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Vatican Announces Accord with China on Naming of Bishops

Preparations before a Mass in Anyang, in the province of Henan, China, last month
Pak Yiu/Agence France-Presse/Getty

The Vatican announced the signing of a “provisional agreement” with China on the appointment of bishops Saturday, without specifying the terms of the accord.

The heads of the Vatican and Chinese delegations met in Beijing on Saturday, the Vatican communiqué states, where “the two representatives signed a Provisional Agreement on the appointment of Bishops.”

“The above-mentioned Provisional Agreement, which is the fruit of a gradual and reciprocal rapprochement, has been agreed following a long process of careful negotiation and foresees the possibility of periodic reviews of its application,” the communiqué says.

The long-awaited deal with China over bishops has been seen as the first step toward restoring diplomatic relations between the two parties and is the outcome of a series of meetings that began early in the Francis pontificate.

Critics have complained that ceding authority on the naming of bishops to a secular authority, and especially to an avowedly atheist regime like the Chinese Communist Party, directly contradicts Catholic teaching and violates common sense.

According to the teaching of the Second Vatican Council in its decree on bishops, “the right of nominating and appointing bishops belongs properly, peculiarly, and per se exclusively to the competent ecclesiastical authority.”

“Therefore, for the purpose of duly protecting the freedom of the Church and of promoting more conveniently and efficiently the welfare of the faithful, this holy council desires that in future no more rights or privileges of election, nomination, presentation, or designation for the office of bishop be granted to civil authorities,” states the decree Christus Dominus.

The Catholic Church considers the naming of bishops its sacred right because of the eminently spiritual role that bishops play.

The most significant conflict between church and state in medieval Europe, commonly referred to as the “Investiture Controversy,” was a struggle between the papacy and the Holy Roman Empire over who had the authority to appoint local church officials such as bishops and abbots.

The Investiture Controversy began in 1075 as a power struggle between Pope Gregory VII (1072–1085) and Holy Roman Emperor Henry V (1056–1106) but continued well beyond their respective rules.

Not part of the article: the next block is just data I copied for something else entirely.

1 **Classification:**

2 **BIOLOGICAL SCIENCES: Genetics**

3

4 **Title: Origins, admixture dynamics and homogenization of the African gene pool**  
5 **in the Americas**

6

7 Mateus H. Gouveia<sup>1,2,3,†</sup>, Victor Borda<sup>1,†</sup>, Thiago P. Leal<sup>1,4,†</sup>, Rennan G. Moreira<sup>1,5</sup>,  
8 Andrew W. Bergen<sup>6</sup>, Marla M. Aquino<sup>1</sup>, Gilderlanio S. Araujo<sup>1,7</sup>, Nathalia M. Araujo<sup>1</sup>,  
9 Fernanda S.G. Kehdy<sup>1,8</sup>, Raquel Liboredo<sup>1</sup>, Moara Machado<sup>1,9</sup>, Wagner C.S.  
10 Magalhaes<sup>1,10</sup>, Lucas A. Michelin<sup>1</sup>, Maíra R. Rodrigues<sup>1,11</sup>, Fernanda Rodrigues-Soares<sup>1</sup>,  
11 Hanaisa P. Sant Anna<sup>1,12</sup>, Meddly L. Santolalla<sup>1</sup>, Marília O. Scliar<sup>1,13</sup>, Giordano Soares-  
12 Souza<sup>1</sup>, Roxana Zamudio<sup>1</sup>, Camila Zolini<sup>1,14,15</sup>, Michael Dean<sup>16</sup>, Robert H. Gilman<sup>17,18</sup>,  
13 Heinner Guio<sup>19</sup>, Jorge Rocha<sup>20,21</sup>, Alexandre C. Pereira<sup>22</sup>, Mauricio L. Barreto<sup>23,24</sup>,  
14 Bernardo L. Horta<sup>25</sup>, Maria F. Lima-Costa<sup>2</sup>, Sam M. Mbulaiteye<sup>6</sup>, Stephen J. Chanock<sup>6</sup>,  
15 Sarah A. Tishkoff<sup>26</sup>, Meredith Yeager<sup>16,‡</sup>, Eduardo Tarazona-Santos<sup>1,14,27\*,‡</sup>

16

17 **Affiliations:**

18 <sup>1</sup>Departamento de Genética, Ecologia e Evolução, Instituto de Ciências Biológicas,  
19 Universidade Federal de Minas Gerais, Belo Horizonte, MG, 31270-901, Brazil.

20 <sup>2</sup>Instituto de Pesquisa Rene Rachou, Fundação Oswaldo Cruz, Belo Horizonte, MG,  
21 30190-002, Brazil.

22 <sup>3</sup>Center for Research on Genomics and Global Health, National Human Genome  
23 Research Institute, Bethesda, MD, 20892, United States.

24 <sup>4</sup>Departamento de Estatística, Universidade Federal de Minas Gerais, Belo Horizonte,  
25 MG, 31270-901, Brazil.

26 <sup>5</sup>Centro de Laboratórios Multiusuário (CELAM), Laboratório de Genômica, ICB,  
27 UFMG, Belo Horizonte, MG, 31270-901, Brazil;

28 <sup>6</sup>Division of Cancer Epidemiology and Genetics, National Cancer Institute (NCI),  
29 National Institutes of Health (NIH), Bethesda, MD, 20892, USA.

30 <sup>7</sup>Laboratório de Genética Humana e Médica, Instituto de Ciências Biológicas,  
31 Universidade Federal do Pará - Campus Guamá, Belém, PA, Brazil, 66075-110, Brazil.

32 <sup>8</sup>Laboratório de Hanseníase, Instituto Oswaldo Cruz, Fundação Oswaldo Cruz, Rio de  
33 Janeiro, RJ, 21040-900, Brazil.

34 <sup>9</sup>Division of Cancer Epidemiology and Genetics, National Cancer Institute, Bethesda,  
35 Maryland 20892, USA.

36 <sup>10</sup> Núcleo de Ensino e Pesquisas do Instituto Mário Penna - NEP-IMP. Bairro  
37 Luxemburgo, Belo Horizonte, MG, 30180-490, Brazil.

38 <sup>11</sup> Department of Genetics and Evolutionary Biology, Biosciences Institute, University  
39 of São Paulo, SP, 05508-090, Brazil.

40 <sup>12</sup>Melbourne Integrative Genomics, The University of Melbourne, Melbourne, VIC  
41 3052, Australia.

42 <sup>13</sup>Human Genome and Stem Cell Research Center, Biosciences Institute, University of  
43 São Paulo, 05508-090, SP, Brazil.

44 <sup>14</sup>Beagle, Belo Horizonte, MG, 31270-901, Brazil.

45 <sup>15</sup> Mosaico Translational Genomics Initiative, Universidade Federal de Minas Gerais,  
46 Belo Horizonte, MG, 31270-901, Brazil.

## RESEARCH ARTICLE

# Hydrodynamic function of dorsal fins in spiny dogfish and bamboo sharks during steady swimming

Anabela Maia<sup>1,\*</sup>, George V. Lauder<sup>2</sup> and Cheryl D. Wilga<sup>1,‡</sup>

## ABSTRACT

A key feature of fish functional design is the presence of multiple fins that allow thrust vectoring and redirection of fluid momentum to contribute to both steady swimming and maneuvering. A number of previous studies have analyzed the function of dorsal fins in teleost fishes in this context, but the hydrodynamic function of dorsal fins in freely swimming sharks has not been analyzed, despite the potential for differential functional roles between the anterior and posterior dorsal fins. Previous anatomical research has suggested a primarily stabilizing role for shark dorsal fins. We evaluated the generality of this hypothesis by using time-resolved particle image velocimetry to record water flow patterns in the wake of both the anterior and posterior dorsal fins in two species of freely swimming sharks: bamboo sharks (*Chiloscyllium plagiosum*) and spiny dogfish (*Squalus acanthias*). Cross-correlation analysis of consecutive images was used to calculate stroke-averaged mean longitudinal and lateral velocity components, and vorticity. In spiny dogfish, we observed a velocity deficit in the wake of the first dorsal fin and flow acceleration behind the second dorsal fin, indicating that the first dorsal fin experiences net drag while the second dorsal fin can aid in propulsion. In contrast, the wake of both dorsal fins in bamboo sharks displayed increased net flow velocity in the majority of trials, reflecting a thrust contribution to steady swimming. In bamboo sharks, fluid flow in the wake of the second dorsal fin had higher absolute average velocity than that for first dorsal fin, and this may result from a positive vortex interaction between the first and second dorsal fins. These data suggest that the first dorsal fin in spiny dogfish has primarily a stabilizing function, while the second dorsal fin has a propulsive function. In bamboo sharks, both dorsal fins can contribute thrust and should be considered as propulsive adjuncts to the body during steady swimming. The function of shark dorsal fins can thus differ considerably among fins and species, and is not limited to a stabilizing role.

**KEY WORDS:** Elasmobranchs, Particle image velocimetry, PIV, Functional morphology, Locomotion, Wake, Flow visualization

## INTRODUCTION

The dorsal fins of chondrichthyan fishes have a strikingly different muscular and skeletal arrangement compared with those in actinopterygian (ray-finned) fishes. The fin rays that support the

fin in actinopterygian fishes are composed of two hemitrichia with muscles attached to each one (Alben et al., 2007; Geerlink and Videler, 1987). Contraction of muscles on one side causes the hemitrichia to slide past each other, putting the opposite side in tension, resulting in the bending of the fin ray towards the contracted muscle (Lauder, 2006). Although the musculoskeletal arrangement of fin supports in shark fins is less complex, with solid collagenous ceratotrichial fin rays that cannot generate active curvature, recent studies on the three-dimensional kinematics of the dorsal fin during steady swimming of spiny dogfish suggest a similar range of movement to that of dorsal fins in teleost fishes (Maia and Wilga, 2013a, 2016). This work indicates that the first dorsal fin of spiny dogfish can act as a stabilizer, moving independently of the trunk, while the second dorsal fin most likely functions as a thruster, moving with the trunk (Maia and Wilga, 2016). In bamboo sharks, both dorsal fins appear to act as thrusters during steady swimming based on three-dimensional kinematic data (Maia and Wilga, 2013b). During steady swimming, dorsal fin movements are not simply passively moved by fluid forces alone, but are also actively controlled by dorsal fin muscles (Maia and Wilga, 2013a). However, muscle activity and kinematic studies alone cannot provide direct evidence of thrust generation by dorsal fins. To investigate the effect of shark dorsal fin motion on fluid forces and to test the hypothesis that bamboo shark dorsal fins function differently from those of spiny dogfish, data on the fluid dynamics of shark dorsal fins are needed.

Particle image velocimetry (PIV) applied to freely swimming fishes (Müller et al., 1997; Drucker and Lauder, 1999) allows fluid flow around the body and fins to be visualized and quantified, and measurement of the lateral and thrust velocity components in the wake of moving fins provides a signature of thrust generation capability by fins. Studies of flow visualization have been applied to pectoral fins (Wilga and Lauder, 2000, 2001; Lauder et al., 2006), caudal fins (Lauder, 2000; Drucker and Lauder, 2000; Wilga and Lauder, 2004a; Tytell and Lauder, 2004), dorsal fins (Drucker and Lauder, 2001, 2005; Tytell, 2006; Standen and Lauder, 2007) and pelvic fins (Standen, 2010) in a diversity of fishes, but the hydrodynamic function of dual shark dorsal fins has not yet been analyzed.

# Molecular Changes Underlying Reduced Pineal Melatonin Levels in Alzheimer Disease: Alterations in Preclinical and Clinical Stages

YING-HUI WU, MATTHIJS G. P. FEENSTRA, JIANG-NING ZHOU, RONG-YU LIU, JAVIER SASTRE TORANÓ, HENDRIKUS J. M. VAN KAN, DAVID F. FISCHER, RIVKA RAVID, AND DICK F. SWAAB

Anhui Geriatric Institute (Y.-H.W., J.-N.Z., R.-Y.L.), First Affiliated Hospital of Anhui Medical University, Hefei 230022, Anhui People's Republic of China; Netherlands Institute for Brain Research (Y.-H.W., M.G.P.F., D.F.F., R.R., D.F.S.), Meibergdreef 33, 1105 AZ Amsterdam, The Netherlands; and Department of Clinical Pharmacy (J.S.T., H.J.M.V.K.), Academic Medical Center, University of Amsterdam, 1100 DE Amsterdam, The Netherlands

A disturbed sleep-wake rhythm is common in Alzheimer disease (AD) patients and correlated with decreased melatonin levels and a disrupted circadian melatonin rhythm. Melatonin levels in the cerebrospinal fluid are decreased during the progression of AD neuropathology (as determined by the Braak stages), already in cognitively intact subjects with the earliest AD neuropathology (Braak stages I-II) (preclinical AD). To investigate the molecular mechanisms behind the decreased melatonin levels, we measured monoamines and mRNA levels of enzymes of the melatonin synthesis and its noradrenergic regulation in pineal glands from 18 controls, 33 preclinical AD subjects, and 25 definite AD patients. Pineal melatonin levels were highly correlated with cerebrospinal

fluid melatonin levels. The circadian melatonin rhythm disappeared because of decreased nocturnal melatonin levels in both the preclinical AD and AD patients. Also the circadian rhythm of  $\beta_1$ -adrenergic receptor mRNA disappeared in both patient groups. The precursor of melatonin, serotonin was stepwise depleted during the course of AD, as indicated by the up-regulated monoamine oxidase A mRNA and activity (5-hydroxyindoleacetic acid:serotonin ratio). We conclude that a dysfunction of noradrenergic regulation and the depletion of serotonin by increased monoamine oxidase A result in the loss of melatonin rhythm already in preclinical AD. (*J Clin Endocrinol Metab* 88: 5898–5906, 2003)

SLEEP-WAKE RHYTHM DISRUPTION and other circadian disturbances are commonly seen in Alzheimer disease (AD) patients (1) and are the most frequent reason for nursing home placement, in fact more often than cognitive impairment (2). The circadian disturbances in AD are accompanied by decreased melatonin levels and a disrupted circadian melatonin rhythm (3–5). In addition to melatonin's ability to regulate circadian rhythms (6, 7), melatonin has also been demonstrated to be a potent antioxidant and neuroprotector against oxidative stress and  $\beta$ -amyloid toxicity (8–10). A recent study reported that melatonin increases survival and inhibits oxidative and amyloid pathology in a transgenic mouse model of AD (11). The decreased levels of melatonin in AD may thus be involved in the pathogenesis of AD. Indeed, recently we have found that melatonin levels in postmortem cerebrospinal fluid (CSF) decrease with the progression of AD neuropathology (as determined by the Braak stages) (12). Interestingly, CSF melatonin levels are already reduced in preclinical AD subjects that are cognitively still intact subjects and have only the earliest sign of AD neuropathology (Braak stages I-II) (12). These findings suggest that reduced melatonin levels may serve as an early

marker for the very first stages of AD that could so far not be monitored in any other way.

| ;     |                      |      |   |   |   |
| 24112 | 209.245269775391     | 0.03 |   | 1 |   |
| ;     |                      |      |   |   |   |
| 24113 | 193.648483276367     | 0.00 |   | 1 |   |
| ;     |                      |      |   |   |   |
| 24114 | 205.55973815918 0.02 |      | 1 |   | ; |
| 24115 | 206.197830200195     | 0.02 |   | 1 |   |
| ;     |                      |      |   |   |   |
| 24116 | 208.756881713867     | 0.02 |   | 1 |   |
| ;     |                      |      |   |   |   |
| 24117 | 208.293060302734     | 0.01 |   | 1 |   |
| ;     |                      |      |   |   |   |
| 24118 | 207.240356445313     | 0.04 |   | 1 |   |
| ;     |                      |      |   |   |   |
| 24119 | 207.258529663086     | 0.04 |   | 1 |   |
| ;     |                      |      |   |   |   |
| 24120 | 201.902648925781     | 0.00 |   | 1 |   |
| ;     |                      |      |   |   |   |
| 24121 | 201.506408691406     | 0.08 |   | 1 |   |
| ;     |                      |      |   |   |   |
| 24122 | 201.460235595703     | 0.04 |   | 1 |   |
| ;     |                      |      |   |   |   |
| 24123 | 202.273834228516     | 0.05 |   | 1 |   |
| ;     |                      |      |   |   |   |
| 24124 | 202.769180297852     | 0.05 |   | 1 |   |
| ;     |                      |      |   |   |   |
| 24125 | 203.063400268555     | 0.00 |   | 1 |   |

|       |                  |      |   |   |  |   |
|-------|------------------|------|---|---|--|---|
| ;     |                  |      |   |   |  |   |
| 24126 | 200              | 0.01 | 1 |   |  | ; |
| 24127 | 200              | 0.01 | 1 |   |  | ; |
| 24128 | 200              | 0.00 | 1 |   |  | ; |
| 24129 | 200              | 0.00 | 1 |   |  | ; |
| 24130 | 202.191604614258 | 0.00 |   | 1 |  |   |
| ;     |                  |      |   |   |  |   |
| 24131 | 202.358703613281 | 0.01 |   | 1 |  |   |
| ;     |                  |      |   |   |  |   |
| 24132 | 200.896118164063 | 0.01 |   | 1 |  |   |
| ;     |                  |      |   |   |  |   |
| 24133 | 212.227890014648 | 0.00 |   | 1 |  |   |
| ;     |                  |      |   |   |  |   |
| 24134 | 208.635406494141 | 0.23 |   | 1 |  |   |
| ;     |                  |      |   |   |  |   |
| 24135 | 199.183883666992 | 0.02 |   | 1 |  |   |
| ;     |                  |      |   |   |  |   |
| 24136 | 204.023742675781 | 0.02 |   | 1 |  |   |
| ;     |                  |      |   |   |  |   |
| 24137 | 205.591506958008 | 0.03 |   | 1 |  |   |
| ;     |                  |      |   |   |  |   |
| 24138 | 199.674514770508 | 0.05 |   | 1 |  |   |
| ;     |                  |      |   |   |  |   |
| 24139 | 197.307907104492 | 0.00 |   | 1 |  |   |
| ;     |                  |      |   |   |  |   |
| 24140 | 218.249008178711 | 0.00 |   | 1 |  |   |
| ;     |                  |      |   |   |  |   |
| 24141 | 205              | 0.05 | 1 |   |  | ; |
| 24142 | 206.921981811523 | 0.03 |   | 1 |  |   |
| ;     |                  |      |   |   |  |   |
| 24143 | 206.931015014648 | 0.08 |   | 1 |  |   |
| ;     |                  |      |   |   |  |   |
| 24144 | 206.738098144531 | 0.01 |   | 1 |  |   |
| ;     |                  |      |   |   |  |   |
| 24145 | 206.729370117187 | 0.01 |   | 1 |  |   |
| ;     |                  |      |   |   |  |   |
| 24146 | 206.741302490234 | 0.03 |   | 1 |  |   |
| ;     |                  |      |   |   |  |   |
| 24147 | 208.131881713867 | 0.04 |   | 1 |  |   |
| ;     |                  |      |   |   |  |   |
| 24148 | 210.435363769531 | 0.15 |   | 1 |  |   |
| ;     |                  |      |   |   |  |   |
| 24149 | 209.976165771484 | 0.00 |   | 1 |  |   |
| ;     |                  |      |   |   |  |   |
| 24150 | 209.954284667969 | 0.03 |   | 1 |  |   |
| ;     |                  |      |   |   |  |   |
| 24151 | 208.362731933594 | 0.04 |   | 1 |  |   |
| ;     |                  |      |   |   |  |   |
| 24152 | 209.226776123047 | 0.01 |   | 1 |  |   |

The conflict finally ended in 1122, when Emperor Henry V and Pope Calixtus II agreed on the Concordat of Worms, which differentiated between the secular and spiritual powers and significantly limited the emperors’ role in selecting bishops. The outcome was considered mainly a victory for the pope and his claim of spiritual authority and the right of investiture has been zealously guarded ever since.

The most vocal critic of the Vatican-China deal has been Hong Kong Cardinal Joseph Zen, who has urged the Vatican not to be so eager for an accord with China that it would surrender its own rights and betray Chinese Catholics of the underground Church who have suffered persecution for decades in order to remain loyal to Rome.

In an interview with Reuters this week, Cardinal Zen called for the resignation of Vatican Secretary of State Pietro Parolin, saying that the agreement he has been brokering with China amounts to an “incredible betrayal” of the Catholic faith.

In the interview, Zen described Cardinal Parolin as a secular bureaucrat with little interest in the spiritual wellbeing of the faithful.

“I don’t think he has faith. He is just a good diplomat in a very secular, mundane meaning,” Zen said. “He should resign.”

Last January, Zen published an open letter to the media accusing the Vatican of “selling out” the Chinese Church by surrendering to demands of the Communist leaders.

The cardinal has also said that Pope Francis “is really naïve” and “doesn’t know the Chinese communists,” adding that “the people around him are not good at all. They have very wrong ideas. And I’m afraid that they may sell out our underground Church.”

In a separate statement Saturday, Cardinal Parolin said that the accord seeks to bring about unity, trust and a new impetus: “to have good Pastors, recognized by the Successor of Peter – by the Pope – and by the legitimate civil Authorities.”

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